Anyone who has been involved in a startup business will be familiar with these concerns – every new business shares them. Fortunately, there are some useful tips to follow to get you those all-important first few customers.
From there, word of mouth, properly targeted marketing strategies and a continued belief in what you are doing, as well as the knowledge of how you will do it, should see you through to more affluent times. That first year is make or break for every startup which has ever been, or ever will be.
There is one more challenge. It used to be that funding could be secured for startups, especially through venture capitalists, with just great ideas and a vision of what you want to achieve.
These days, you already have to have business rolling in. So, it’s all about securing those first few customers: they are the key to future funding, and survival.
With all this in mind, and budget a serious constraint, every startup needs to follow practical, and cost-effective, steps to securing its first few, valuable customers, who pay the initial bills. Here are those steps:
1. Attend trade shows and conferences
Unless you are travelling halfway round the world (which will be totally unnecessary in most cases), attending trade shows and conferences relevant to your product is a great, cost-effective way of getting your business seen.
It’s all about exposure, so while you are there, talk to as many people as you possibly can – everyone is a potential customer, or can put potential customers your way. Forge relationships, and tell anyone who will listen about your company and what you offer.
“Before you attend any trade shows, make sure that you have rehearsed exactly what you will tell people. Never deviate from the mission, and each time you communicate, make the delivery sharper and more concise. Find out what people are looking for, and adapt your pitch to their needs. Just get yourself out there, period, but you need to know exactly what you are selling too,” suggests Bob Franks, a senior marketer at Personal Statement Writing and Paper Fellows.
2. Utilize paid ads
You may balk at the word ‘paid’ – you have a limited budget of course. However, paid ads through the usual channels of Facebook, Google and LinkedIn, for example, are really useful because they can deliver you all kinds of metrics that you can use moving forward to really adapt your content and target it correctly.
And you really don’t need to spend much at all – even a $5 ad will give you some modicum of data which can be analyzed.
“Analytics really are a key consideration here. The companies that really do well are those that have the best handle on who their audiences are, and what those audiences want. What type of content engages them initially, and what kind of content ultimately pushes through conversions? It’s a trial-and-error process for absolutely everybody at the beginning, but the point is you do need to speculate (a little bit) to accumulate here,” says Tash Fellowes, a webinar expert at OXEssays and Academized.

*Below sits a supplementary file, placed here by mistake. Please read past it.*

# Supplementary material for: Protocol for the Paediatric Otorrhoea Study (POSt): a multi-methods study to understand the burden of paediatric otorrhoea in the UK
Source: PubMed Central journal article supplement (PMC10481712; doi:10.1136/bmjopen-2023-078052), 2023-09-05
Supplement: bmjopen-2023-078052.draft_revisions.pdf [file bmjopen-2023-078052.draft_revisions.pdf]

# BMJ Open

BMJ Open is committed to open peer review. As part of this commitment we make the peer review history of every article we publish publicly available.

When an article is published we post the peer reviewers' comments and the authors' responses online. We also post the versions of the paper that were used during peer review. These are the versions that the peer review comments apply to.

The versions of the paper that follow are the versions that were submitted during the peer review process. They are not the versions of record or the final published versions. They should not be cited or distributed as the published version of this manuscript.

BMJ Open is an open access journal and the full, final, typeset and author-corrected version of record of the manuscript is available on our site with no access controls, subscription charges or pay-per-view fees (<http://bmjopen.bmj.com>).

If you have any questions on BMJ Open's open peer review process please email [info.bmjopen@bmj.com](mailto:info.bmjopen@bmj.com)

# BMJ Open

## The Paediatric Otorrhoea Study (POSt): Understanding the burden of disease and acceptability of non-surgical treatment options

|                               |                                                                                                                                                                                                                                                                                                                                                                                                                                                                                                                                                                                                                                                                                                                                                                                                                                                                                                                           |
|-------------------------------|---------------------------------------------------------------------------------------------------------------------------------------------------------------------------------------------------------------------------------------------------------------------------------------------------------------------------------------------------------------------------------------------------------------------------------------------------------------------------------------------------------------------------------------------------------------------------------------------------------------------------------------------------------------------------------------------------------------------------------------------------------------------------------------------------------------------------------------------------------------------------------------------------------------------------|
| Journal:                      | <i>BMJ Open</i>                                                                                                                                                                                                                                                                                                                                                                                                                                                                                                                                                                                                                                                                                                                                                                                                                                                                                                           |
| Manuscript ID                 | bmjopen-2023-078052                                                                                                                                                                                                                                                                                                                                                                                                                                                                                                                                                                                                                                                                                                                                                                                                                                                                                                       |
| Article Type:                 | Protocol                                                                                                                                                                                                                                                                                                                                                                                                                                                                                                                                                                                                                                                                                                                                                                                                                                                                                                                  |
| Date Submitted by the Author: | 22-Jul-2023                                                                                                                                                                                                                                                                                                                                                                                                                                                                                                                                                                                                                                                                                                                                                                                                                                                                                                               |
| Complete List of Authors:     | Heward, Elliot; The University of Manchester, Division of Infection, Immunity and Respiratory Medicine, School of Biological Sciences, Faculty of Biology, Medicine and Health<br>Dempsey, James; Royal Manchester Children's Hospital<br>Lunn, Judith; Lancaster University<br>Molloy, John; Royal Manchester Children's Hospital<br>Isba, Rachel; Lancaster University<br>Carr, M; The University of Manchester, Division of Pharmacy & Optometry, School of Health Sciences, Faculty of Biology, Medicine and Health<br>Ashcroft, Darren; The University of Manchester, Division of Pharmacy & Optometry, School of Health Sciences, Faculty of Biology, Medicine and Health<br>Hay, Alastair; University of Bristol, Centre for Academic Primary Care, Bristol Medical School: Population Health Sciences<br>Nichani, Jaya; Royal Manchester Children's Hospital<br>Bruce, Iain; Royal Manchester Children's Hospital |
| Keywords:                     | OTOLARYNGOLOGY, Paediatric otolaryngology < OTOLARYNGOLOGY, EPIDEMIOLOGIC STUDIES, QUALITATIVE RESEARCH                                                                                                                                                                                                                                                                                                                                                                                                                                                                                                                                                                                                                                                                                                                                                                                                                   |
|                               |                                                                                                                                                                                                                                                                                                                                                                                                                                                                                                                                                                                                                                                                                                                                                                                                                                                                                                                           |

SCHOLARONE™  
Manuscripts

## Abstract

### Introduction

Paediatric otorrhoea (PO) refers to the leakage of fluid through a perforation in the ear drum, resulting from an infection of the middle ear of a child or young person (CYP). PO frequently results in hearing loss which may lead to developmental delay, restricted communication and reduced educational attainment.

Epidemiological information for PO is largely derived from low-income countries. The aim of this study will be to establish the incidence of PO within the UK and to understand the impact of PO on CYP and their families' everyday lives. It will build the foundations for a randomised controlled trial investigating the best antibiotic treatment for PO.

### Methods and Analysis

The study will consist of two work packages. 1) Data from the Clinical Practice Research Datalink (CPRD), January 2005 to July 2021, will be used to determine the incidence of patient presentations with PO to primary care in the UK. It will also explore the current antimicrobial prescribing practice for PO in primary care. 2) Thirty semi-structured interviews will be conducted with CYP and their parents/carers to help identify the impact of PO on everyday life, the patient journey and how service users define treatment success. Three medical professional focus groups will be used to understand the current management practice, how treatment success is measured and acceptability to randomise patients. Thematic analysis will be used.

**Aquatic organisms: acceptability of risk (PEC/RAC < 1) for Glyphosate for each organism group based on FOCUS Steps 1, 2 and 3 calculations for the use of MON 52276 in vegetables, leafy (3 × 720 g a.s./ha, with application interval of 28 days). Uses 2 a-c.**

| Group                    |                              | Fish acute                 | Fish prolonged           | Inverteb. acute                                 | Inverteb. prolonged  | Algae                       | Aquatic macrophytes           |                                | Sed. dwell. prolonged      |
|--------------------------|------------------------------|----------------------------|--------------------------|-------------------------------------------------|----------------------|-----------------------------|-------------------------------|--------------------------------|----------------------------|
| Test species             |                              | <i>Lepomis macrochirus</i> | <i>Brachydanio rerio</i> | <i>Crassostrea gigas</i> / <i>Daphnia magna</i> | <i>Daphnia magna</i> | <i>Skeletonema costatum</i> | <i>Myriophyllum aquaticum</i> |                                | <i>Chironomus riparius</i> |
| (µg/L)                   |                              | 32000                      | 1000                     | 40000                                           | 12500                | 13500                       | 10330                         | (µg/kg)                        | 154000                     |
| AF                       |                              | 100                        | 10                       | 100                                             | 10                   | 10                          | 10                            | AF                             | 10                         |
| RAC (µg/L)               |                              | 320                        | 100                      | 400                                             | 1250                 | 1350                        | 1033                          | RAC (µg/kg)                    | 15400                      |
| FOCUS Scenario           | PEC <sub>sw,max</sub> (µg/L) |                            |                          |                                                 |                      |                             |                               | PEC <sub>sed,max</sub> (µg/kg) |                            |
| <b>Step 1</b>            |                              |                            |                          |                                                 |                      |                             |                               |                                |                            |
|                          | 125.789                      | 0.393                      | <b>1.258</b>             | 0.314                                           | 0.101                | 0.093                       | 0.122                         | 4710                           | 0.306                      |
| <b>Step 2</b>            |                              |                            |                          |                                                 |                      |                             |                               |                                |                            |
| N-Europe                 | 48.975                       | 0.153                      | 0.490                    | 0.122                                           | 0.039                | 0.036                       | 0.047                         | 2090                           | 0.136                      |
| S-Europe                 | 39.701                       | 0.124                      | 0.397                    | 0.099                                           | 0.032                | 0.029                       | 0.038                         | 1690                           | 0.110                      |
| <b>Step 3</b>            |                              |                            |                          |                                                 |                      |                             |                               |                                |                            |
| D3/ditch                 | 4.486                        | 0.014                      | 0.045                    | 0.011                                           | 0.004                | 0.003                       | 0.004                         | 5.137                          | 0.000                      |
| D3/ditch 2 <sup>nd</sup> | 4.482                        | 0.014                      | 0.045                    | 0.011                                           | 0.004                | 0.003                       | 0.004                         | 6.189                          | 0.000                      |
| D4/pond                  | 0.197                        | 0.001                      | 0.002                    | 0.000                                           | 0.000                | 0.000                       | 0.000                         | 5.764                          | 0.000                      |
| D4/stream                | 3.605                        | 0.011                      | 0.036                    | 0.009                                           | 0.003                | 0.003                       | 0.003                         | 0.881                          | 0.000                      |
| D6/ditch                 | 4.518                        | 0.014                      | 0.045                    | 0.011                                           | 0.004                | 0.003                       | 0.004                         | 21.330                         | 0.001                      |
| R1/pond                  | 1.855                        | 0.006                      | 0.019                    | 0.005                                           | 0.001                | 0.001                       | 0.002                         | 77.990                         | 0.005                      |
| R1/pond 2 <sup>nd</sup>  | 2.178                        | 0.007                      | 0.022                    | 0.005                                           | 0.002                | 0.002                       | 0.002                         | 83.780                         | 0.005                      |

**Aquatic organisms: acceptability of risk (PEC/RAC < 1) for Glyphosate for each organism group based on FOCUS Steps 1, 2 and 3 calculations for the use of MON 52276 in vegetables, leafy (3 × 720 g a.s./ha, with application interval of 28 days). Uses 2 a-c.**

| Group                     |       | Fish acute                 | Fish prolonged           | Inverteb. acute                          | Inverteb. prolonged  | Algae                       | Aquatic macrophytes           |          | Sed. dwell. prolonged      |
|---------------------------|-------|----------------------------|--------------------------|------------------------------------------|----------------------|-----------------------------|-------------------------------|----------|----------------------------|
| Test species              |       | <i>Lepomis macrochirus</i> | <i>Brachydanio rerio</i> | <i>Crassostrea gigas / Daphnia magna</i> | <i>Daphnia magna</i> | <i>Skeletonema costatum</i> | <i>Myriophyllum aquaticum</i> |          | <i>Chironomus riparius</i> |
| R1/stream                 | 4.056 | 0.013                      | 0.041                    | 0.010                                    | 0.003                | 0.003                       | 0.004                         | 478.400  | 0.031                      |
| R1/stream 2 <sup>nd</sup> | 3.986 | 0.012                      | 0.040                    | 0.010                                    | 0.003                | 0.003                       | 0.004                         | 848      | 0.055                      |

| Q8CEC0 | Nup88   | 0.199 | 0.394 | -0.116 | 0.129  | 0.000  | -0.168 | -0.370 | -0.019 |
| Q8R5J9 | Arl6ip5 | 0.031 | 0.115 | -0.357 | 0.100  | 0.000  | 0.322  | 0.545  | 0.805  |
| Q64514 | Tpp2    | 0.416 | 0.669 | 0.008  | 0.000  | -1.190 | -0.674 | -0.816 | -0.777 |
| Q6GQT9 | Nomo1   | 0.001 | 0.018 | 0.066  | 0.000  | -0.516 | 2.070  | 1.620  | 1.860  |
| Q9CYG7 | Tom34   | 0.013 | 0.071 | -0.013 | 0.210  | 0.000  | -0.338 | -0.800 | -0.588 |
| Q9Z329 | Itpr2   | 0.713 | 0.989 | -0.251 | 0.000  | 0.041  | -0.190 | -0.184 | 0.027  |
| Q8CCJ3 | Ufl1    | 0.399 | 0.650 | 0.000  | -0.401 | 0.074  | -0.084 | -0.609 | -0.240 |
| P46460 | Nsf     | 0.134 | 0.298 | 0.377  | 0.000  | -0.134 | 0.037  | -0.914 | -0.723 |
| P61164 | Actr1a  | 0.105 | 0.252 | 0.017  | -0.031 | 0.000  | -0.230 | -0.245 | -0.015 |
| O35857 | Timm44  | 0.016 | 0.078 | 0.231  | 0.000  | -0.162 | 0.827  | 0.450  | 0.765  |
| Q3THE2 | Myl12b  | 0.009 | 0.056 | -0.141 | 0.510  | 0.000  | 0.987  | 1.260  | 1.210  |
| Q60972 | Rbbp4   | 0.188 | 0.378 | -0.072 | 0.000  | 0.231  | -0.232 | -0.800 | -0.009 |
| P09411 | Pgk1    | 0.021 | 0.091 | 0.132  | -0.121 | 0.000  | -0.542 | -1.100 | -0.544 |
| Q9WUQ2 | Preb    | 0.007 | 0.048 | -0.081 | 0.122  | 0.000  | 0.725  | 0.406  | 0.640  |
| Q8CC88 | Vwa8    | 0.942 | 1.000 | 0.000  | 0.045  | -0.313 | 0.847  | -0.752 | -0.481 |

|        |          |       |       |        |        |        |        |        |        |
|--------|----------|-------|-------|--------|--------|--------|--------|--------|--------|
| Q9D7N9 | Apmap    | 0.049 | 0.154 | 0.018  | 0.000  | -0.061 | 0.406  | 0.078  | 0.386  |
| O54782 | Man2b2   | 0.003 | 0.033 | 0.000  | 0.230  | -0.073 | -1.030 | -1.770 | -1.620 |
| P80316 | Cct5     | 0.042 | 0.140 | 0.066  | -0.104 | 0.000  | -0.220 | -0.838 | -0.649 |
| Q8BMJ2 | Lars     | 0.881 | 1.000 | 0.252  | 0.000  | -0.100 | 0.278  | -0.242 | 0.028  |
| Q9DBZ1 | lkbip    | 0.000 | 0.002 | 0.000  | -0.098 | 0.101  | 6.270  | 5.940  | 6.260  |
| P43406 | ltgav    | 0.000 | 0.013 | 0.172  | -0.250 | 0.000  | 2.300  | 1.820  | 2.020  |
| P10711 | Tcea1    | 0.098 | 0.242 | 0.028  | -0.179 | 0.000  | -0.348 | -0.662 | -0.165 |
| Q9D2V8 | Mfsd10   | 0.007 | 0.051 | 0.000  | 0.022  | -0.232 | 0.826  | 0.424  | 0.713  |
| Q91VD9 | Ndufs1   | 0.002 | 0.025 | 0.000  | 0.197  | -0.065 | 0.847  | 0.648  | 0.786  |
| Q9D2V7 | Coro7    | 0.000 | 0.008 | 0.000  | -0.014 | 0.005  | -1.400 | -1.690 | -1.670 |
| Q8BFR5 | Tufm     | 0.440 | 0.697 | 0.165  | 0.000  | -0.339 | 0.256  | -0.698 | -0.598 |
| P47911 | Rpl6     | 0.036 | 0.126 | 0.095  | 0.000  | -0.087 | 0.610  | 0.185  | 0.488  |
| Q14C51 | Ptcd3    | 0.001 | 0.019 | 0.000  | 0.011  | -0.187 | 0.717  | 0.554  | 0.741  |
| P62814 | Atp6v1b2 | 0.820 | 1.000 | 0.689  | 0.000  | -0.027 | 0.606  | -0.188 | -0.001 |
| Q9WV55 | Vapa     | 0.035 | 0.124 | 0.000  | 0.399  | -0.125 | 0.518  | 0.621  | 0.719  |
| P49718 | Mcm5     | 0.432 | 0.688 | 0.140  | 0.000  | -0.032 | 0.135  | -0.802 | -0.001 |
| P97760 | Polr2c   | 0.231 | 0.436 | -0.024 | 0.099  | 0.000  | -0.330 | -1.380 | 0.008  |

This is another tried-and-tested tactic, and avoids having to reinvent the wheel, which is timely and costly.
There are a number of examples down the years of massively successful companies who started out by piggybacking onto another platform (Airbnb’s utilization of Craigslist’s user base is now legendary) and all this really needs is an understanding of who your audience really are and where they already hang out.
It’s the same concept with social media – don’t be using LinkedIn when your potential users are the teen market who are all hanging out on Instagram.
4. Free samples/trials
This is a slightly riskier strategy, depending on what it costs you. Often the most valuable commodity a startup has is time, so delivering something for free may end up setting you back just too much to proceed.
However, don’t rule this out as an option, it’s just you need to be very careful who you offer this too.
If there is a potential customer who you know can offer you a truckload of subsequent work, and can also spread the word regarding what you are doing, then offering a free trial can be a great way to get the exposure you looking for – remember that world of mouth is still the singularly most effective means of promoting your business.
Be wary of those who are just looking for a free lunch, however, of which there are many.
5. Cold calls/emails
This is an often-overlooked strategy in this day and age of technically-advanced marketing tactics, but it still works.
First of all utilize your existing contacts, of course, but from there, as long as you do your research right, you can start a cold emailing process which is cheap to execute and might just get you one or two hits, which is all you are looking for from any one source.
Cold calling is also an option, and again in modern business is not the expected route to follow: who knows, that surprising human conversation on the phone may just be the in that you were looking for.
It may take a little courage, but if you believe in yourself and your product, take that opportunity to tell people about it, wherever they may be.
6. Double down
It is important to realize that you will almost never get all of your conversions from one source: it is about tapping as any channels as possible to improve those numbers.
Once you have those first few users on board, you can double down on the most successful channels (as long as you are measuring) and then repeat the trick. Scale up with that incoming revenue, and never look back.